The U.S. housing sector is closely watched by investors from all over the world. It has strategic importance both for the United States GDP (Gross Domestic Product) and for the world’s economies.
People are too focused now on the COVID-19 pandemic to remember that the previous crisis, a financial one, started from the U.S. housing sector. In 2008-2009, the U.S. housing market bubble burst, a combination of derivative products used the wrong way, and so the market collapsed rapidly. The shockwave reached Europe and other developed economies, generating a financial crisis that haunted Europe for several years.
Fast forward to 2021, the world still struggles with the pandemic, but the housing market in the United States is in an unprecedented boom. This is very good news for the domestic economy and also for other economies. After all, when America’s economy outperforms, the positive spillovers influence other economies too.
Recovery Stronger Than Expected As Suggested by Strong Housing Sector Activity
The COVID-19 pandemic triggered changes in consumer behavior. People learned that online shopping (for some products) is as good as going out and buying the product. And, cheaper.
Therefore, the chances are that most of the changes seen during the pandemic are here to stay. One of the most interesting changes affected the workplace. Those who can work from home have built a home office, for example.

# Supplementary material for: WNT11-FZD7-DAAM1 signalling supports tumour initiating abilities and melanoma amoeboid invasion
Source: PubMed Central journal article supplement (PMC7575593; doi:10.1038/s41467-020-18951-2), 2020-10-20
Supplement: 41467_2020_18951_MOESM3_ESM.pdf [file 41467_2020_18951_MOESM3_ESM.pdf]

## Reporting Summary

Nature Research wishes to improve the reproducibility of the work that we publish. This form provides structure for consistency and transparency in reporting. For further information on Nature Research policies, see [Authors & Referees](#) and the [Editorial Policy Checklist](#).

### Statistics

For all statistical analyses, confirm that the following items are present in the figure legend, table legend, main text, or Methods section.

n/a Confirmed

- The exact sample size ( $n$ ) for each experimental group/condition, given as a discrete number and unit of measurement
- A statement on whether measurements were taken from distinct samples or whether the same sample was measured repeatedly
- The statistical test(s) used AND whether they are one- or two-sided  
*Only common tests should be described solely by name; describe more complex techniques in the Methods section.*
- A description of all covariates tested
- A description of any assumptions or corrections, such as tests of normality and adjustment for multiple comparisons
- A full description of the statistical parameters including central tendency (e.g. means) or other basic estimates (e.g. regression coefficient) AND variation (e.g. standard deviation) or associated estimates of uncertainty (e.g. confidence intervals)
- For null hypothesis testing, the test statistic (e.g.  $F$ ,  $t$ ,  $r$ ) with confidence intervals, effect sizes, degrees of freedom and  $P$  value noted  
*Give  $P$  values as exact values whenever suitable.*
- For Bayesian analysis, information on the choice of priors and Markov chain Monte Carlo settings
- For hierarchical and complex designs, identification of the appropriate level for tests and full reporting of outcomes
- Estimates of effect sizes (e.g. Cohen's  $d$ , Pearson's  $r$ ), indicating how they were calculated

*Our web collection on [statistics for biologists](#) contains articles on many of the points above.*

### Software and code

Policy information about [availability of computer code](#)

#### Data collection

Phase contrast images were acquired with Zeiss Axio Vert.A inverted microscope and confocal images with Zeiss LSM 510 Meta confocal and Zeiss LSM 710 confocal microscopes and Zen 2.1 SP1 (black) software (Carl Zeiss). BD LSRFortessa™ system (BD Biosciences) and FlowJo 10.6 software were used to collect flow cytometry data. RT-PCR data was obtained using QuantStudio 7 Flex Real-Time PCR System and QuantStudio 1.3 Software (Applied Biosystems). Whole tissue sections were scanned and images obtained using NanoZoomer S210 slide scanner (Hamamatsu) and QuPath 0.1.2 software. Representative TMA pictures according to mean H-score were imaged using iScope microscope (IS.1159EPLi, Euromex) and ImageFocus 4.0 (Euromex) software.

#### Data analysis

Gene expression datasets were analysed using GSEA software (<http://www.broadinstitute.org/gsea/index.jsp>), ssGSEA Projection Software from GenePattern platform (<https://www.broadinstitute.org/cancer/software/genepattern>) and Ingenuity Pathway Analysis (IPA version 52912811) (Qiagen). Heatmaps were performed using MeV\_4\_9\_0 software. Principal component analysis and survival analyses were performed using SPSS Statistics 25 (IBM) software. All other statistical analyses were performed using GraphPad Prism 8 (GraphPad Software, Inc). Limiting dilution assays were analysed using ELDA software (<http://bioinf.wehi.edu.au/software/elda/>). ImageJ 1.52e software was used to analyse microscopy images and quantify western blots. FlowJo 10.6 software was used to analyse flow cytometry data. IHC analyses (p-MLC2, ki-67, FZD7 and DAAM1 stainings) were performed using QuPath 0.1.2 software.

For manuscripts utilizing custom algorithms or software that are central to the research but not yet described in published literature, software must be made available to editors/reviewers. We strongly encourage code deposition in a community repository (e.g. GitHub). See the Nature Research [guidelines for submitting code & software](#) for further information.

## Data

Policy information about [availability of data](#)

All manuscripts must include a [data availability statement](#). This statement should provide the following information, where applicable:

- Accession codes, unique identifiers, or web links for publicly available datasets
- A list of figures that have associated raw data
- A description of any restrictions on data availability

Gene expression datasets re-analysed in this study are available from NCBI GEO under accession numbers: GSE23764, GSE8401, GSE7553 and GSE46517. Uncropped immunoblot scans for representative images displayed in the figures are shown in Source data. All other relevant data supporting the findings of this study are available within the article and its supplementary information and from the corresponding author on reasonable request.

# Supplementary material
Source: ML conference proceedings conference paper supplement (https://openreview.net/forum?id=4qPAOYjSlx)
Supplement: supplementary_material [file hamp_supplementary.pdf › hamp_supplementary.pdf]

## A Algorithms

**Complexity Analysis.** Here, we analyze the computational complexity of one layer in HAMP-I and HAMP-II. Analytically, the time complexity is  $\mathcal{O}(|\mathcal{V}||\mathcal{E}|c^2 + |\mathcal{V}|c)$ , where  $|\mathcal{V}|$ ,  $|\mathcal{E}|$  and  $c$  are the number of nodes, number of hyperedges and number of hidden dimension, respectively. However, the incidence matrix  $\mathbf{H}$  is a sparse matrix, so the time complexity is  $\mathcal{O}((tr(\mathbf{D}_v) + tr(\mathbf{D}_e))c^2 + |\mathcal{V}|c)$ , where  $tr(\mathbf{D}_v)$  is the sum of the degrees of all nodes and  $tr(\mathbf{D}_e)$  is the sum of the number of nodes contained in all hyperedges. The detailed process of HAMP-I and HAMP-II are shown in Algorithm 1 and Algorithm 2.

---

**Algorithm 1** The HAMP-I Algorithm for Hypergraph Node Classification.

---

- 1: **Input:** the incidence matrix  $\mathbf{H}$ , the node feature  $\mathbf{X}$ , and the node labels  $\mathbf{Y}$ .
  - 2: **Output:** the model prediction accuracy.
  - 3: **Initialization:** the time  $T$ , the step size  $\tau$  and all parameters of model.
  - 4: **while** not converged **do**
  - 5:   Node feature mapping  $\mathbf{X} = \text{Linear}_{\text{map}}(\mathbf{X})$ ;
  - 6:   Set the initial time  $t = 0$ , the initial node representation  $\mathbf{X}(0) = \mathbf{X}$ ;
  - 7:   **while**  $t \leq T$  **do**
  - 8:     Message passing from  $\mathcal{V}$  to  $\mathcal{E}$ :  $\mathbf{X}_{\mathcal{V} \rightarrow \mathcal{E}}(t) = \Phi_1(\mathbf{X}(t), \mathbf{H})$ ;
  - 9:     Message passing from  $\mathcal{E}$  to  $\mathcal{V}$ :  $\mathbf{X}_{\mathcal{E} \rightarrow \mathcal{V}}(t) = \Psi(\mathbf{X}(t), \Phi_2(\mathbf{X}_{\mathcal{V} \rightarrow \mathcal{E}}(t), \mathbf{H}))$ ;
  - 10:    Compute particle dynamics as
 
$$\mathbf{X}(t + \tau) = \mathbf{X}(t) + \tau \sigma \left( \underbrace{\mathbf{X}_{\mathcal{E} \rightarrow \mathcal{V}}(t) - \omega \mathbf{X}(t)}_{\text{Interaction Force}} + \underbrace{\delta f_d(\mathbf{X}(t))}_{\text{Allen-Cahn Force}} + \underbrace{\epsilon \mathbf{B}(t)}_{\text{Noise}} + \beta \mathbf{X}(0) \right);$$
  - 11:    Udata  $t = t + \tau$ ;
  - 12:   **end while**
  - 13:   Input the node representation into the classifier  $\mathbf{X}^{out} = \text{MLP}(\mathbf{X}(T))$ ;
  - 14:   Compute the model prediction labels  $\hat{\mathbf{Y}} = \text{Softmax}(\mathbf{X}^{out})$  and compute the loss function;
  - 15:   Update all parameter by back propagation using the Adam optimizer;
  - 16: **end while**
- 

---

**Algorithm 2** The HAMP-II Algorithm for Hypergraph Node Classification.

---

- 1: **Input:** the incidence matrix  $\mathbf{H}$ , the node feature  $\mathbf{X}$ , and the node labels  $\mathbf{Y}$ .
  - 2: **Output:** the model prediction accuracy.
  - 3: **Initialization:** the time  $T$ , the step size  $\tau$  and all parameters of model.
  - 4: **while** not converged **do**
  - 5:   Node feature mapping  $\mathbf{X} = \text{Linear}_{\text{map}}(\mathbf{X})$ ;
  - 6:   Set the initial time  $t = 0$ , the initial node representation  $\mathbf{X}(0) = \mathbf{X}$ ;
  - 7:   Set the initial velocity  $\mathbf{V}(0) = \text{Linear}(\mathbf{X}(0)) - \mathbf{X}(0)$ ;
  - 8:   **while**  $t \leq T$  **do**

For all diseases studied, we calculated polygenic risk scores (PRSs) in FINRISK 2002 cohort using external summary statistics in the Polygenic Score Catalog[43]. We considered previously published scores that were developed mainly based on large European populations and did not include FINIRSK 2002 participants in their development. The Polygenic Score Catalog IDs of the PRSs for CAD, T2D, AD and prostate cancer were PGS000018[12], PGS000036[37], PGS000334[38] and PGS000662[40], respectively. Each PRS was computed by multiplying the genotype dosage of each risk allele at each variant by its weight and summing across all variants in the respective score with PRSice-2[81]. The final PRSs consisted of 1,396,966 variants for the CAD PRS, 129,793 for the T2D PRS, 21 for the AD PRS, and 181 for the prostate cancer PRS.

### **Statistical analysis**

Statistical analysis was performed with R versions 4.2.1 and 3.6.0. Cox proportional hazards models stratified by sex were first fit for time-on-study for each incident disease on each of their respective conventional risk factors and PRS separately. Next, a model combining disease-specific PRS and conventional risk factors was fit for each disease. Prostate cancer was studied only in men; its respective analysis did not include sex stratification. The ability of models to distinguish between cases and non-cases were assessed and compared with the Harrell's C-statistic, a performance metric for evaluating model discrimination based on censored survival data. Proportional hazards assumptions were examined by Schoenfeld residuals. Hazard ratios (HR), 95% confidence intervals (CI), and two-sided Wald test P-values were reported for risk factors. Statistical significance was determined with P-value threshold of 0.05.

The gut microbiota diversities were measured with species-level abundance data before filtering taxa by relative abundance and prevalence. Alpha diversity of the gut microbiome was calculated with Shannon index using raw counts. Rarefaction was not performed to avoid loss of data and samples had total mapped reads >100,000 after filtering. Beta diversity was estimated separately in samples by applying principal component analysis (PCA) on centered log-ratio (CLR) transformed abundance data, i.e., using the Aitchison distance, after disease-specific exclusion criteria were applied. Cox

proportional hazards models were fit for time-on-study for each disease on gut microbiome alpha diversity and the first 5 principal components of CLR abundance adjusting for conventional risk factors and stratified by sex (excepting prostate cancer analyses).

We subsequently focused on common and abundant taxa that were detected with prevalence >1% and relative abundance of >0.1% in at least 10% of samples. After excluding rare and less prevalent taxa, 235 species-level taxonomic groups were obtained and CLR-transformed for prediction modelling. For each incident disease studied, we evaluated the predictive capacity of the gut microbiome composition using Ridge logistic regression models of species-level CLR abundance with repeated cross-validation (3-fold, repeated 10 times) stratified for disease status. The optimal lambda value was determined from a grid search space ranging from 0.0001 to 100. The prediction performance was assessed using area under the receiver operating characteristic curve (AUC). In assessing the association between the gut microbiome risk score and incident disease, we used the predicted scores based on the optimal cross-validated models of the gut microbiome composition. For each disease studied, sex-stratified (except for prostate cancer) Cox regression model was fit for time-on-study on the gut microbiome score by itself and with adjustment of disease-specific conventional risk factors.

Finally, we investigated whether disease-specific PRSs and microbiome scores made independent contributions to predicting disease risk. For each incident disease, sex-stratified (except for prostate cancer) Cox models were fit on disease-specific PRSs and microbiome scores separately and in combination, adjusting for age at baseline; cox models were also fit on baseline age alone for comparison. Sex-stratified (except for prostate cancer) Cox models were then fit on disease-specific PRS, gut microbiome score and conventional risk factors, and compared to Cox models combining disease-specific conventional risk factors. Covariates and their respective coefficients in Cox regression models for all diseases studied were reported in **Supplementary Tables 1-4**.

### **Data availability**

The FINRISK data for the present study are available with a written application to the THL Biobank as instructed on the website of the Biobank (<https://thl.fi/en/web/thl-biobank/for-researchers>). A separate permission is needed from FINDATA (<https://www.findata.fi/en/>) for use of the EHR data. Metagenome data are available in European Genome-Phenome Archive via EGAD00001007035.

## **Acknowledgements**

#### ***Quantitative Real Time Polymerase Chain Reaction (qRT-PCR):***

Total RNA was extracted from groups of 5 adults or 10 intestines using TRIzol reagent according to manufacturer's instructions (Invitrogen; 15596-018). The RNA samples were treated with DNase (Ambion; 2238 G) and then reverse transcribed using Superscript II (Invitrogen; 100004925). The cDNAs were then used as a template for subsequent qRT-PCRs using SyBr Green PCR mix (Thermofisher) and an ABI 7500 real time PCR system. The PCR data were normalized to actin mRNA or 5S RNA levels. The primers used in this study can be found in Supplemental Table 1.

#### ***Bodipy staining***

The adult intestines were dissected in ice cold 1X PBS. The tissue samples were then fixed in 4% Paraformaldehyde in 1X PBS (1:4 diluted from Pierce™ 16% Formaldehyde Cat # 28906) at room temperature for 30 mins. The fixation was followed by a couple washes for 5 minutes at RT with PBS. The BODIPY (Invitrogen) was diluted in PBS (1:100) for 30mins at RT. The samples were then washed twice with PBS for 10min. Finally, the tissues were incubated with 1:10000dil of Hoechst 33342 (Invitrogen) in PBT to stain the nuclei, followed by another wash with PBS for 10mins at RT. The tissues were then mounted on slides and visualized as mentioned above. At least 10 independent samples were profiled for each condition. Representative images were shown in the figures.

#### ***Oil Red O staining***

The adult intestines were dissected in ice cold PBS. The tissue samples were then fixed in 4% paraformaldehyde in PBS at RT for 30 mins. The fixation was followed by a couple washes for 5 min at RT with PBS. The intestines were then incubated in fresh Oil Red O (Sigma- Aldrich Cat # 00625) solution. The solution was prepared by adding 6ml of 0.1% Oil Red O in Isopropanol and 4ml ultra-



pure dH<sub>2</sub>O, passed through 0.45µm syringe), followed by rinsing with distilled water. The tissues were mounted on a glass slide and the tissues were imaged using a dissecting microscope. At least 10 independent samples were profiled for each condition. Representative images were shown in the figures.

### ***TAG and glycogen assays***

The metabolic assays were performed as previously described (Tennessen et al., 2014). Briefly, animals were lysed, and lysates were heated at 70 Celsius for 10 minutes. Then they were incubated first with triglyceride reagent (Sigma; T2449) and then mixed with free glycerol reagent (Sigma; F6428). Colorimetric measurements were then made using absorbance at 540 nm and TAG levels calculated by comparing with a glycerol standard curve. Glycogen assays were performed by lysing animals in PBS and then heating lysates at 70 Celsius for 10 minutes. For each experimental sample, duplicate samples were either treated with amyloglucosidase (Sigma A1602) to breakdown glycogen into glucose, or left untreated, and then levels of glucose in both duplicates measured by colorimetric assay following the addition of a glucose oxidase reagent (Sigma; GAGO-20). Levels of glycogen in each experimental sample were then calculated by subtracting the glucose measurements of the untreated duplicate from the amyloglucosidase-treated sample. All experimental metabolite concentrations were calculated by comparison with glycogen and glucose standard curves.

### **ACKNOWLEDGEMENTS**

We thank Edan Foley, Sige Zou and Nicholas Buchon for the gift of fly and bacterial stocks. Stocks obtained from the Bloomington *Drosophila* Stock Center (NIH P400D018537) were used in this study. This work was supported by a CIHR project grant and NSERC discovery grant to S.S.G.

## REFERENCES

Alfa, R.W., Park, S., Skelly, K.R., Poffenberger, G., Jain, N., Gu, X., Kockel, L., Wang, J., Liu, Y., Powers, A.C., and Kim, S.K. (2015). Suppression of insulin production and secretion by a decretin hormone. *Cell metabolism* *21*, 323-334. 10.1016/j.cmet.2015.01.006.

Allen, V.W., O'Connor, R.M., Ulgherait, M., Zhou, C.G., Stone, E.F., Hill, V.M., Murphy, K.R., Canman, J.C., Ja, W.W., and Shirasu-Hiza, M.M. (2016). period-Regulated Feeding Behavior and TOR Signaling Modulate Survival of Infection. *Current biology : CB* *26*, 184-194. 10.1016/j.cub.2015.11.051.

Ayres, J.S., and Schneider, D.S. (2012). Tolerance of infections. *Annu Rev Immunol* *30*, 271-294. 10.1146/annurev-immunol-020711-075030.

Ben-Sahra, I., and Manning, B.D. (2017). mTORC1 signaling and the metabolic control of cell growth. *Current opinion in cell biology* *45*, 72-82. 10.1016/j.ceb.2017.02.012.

Also, people fled cities for outdoor spaces. Or, they stopped using common transportation favoring personal cars.
As such, contrary to all expectations, the COVID-19 recession was unique as both the auto and the housing sectors performed well. In particular, the housing sector has seen tremendous growth, as America literally faces a shortage of new houses.
And lumber to build them.
The price of lumber broke above $1,000 as there is no lumber enough to satisfy the demand. For those unfamiliar with the commodities market, lumber is a product of timberland and is usually harvested in periods of rising prices.
This is such a period. However, the demand from the U.S. housing market is so strong that the futures market still points to higher lumber prices. Commodities are typically traded on futures exchanges, where the clearinghouse brings together buyers and sellers and settles the prices on a daily basis.
When the spot price exceeds the futures price, it is said that the market is in backwardation. The entire lumber futures curve is in backwardation – a bullish sign suggesting more upside is possible for the price of lumber.
Therefore, investors should expect more upside for the U.S. housing market and, thus, for the U.S. economy. Are we about to witness one of the biggest economic recoveries in history?